It's commencement season, and for speechwriters like me, it's a busy time of year. Most professional speechwriters collect the best graduation speeches, from all kinds of speakers and colleges. One of my favorites is from the University of Pennsylvania in 2004, when U2's Bono asked students this question: "What's the big idea? What's your big idea? What are you willing to spend your moral capital, your intellectual capital, your cash, your sweat equity in pursuing outside the walls of the University of Pennsylvania?" He told them that a line from the great Irish poet Brendan Kennelly never leaves his mind: "If you want to serve the age, betray it."
Bono explained what it means to betray the age: "Every age has its massive moral blind spots. We might not see them, but our children will." Slavery, for example, he said, and the people who best served the age were the ones who called it what it was—inhuman. There was a time in our history when women could not vote or hold office, until a few brave souls stood up and betrayed the age. More than half a century ago, the Supreme Court betrayed the age when it decided Brown v. Board of Education and said that separate cannot be equal.
"What are the ideas right now worth betraying?" Bono asked. "It might be something simple. It might be something as simple as our deep-down refusal to believe that every human life has equal worth. Each of you will probably have your own answer, but for me that is it." Bono isn't the only one who has woken up to the idea that in a fast-paced age that feels increasingly dehumanized and impersonal, there is value and dignity in every single life.
When I was a kid, most people supported a good cause by sending a portion of their paycheck to the United Way; maybe you went down to the Red Cross and gave blood occasionally, or sent used clothes off to the Goodwill. There didn't seem to be very much face-to-face interaction with the most vulnerable in our society. Things have changed.
Volunteering among Americans is now at a 30-year high across most demographic groups, and growth in charitable giving is outpacing economic growth in the United States. In 2011, over 64 million Americans volunteered at least once, which comes to more than a quarter of the population age 16 and older, according to the Bureau of Labor Statistics. And while some of those hours were spent fundraising, many were spent directly teaching, coaching, or feeding others. There's been a sea change over the last 20 years or so in America. It seems as though people are less interested in big, bureaucratic solutions and are moving toward flexible, targeted responses to specific individuals in need.
Bono's worldwide campaign against poverty in Africa began when one Ethiopian man begged Bono to save his son's life by taking him back to Ireland. Oprah Winfrey has been moved by similar stories, founding more than 55 schools for kids in 12 countries, as well as helping victims of natural disasters rebuild their lives. Others have started grass-roots campaigns to put a stop to bullying, or promote literacy, or distribute lifesaving vaccines, or end obesity. Here's how the Gates Foundation puts it: "Our belief that every life has equal value is at the core of our work."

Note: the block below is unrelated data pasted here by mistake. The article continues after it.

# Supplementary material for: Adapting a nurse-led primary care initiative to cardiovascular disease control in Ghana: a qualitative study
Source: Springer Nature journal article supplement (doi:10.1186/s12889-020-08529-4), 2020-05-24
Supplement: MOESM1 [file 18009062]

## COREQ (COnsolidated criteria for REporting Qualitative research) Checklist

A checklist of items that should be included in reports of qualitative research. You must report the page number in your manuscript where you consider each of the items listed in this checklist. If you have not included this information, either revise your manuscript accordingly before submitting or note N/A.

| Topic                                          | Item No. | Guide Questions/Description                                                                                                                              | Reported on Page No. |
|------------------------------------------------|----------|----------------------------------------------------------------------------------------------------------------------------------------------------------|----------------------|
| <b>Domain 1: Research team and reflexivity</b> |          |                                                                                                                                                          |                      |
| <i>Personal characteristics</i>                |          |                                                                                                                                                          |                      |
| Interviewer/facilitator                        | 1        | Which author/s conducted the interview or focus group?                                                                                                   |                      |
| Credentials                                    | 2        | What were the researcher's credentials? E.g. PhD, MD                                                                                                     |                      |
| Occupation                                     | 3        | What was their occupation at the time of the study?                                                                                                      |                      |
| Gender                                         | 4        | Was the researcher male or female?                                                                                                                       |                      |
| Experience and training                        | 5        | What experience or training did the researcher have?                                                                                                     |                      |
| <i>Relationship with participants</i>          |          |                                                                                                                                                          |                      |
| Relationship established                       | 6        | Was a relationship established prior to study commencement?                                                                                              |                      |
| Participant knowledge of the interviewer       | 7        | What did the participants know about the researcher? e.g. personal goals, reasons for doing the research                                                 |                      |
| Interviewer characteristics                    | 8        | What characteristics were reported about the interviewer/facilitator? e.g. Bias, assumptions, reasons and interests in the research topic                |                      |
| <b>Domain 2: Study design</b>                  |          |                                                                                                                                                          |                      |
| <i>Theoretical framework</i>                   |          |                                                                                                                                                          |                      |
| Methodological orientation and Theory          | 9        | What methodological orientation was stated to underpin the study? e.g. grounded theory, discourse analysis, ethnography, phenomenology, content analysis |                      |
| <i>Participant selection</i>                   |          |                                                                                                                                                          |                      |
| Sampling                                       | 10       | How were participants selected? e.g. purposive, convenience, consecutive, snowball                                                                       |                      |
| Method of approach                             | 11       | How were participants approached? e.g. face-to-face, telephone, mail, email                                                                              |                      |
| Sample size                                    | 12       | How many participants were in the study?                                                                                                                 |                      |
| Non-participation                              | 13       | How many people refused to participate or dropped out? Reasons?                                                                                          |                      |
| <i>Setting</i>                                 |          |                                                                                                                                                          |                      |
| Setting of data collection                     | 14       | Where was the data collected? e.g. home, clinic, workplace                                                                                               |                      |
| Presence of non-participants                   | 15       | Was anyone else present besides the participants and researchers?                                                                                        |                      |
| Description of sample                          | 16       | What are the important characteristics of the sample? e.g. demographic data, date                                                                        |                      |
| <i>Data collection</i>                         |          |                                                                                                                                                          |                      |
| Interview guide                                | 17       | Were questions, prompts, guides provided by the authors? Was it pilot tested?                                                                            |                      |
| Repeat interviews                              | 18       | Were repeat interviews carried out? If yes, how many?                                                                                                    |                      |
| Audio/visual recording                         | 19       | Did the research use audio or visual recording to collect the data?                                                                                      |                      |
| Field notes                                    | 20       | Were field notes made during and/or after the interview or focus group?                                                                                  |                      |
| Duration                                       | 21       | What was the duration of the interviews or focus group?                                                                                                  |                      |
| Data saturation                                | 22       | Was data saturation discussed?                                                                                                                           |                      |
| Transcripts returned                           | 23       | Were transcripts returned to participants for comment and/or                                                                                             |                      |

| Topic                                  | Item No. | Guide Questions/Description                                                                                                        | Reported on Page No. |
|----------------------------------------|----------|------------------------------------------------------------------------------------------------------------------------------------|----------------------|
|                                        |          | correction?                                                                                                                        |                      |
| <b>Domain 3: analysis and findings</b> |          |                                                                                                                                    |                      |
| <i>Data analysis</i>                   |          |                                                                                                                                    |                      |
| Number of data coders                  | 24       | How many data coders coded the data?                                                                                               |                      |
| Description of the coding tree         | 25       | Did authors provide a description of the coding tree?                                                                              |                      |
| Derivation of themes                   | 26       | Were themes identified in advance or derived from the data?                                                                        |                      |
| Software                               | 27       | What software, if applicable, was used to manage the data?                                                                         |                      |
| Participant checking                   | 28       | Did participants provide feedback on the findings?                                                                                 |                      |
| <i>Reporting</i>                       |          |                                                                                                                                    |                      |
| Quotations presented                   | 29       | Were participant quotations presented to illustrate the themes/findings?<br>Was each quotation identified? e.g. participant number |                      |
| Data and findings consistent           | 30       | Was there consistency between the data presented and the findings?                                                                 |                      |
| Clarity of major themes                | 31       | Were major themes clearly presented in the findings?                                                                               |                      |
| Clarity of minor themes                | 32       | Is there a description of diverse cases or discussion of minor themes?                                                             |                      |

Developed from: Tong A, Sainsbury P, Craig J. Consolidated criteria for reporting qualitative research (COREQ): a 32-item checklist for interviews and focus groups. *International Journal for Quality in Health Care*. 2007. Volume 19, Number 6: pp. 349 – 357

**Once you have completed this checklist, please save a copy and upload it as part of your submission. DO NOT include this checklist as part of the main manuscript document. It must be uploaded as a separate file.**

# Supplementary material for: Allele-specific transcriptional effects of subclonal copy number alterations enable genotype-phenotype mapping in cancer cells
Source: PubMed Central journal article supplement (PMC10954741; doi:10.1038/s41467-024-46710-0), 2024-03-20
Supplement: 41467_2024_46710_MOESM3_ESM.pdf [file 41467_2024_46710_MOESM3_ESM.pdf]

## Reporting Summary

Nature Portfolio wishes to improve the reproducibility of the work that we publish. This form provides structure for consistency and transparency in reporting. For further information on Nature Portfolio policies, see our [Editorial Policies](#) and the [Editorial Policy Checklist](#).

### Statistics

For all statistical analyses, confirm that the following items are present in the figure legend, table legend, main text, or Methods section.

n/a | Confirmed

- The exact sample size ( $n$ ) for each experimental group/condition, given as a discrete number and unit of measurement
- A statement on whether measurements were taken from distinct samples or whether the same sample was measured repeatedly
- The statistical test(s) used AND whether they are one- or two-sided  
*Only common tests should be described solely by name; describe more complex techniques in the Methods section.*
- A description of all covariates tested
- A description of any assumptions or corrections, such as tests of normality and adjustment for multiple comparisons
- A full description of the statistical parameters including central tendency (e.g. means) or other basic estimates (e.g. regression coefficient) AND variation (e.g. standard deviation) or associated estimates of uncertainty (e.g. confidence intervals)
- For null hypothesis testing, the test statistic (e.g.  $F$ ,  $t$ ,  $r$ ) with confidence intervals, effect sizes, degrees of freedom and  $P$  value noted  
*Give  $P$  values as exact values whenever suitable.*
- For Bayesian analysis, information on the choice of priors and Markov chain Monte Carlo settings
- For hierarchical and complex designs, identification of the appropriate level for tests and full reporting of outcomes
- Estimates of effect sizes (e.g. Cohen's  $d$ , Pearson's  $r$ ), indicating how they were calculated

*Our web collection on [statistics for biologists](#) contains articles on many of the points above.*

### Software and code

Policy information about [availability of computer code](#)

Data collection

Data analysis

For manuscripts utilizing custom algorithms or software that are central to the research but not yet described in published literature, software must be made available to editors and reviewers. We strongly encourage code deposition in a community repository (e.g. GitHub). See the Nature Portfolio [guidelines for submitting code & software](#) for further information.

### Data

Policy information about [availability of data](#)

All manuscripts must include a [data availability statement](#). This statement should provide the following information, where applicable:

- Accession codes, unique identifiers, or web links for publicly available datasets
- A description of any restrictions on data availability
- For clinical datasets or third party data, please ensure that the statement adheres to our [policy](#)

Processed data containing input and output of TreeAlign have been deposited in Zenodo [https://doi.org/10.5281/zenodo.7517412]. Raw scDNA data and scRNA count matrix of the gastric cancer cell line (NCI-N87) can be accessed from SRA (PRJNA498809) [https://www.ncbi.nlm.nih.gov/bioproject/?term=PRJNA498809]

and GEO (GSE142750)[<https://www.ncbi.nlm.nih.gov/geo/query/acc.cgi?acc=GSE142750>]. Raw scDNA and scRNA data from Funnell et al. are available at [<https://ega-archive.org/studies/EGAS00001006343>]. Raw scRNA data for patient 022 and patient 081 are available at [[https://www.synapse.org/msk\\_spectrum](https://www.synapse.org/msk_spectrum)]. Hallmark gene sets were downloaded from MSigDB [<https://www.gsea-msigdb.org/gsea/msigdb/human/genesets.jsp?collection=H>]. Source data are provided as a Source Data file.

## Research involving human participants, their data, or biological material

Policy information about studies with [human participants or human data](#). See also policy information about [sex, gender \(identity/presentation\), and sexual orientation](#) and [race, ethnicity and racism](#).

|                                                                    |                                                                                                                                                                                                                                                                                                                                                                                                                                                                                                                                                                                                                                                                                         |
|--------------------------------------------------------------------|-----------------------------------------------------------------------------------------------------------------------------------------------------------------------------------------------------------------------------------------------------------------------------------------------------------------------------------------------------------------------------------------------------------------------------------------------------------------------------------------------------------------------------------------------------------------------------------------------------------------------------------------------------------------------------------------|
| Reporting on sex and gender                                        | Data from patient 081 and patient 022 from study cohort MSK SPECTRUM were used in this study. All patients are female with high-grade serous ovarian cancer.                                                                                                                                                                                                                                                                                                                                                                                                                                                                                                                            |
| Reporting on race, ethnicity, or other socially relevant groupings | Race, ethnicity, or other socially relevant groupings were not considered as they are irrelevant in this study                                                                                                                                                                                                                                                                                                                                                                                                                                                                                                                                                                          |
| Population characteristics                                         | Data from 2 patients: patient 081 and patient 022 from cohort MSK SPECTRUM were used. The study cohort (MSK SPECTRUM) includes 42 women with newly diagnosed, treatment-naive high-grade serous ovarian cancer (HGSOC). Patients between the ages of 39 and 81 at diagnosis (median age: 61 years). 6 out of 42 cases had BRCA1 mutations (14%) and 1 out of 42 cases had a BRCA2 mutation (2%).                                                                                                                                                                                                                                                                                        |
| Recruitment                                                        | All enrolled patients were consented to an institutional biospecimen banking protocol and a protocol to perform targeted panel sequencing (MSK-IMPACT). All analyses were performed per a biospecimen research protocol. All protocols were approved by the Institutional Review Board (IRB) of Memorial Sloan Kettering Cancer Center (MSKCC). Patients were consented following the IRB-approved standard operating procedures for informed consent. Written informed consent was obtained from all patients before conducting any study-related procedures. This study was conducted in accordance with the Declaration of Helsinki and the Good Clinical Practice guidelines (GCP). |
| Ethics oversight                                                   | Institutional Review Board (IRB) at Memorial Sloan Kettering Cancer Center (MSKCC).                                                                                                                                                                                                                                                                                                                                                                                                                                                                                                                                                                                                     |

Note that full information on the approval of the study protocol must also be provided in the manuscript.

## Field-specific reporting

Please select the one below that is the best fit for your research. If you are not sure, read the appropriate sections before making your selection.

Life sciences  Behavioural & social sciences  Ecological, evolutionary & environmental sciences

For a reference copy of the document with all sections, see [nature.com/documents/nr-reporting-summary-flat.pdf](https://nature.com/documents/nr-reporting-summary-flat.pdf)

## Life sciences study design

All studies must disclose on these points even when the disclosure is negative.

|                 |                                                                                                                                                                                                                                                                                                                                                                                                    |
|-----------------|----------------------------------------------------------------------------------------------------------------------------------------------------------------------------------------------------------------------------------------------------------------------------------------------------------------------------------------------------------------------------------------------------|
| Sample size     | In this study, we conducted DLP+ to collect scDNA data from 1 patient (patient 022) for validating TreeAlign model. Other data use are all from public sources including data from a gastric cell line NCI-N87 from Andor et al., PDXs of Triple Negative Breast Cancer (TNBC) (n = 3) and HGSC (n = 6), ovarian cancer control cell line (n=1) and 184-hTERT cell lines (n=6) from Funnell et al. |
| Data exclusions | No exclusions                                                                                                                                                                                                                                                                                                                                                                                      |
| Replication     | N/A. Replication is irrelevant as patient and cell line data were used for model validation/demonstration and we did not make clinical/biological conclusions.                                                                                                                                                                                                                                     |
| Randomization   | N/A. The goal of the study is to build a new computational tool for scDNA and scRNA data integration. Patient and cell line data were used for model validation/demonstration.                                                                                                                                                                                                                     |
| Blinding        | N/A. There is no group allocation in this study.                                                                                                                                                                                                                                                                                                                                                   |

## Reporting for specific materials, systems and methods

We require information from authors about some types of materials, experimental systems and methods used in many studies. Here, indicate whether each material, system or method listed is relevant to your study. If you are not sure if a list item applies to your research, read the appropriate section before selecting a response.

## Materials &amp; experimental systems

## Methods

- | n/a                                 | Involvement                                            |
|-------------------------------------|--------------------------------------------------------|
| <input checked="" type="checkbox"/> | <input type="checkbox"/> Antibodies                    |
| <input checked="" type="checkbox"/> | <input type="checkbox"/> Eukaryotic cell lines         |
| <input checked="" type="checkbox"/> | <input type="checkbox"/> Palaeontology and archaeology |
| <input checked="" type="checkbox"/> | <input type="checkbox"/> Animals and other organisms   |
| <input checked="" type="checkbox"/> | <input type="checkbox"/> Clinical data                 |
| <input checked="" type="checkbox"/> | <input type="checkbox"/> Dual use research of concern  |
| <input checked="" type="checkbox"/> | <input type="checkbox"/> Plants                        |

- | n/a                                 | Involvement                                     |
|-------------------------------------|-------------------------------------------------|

That commitment to every human life also explains two interesting polls that came out last month. First, Gallup reported that the number of Americans who consider themselves "pro-choice" has hit a record low of 41 percent. The share identifying themselves as "pro-life" stands at 50 percent. There are still vocal minorities who want abortion legal in all circumstances (25 percent) and illegal in all cases (20 percent), but the majority (52 percent) want it to be legal only under certain conditions. And, new this year, more independent voters identify as "pro-life" than previously, by 47 to 41 percent. But here's what has not changed over the last decade: A majority of Americans continue to believe that regardless of whether it is legal or not legal, abortion is morally wrong. A large part of that could be attributable to the fact that over the last two or three decades, most Americans have seen a prenatal sonogram, and understand what it means when they hear a heartbeat on the audio feed—that what they're seeing and hearing is a human life. And that every life has value.
A second Gallup poll showed that half of Americans now support legal same-sex marriages, with the same rights as traditional marriages. By 50 to 48 percent, Americans support gay marriage under the law, with independent voters supporting it 57 to 40 percent. In 1996, when Gallup first began polling on the question, Americans overwhelmingly opposed gay marriage, 68 to 27 percent. The speed with which many Americans have changed their minds on this says a lot—about how many of us have been influenced by gay friends in committed relationships, longing for the validation and acceptance that marriage implies. Over the course of the last few years, many have come to feel that gay couples deserve the same as the rest of us. We can't have two classes of citizens in this country. Again, every life has equal value.
Standing up for the equality of every human life means different things to different people—whether we are answering a pollster's questions on issues like abortion and gay marriage, or whether we are donating organs or coaching a sports team or driving the Meals on Wheels van. But what's clear is that we are seeing more and more Americans spending their moral capital on the value of every human life. They are, in the words of the poet, serving our age by betraying it.
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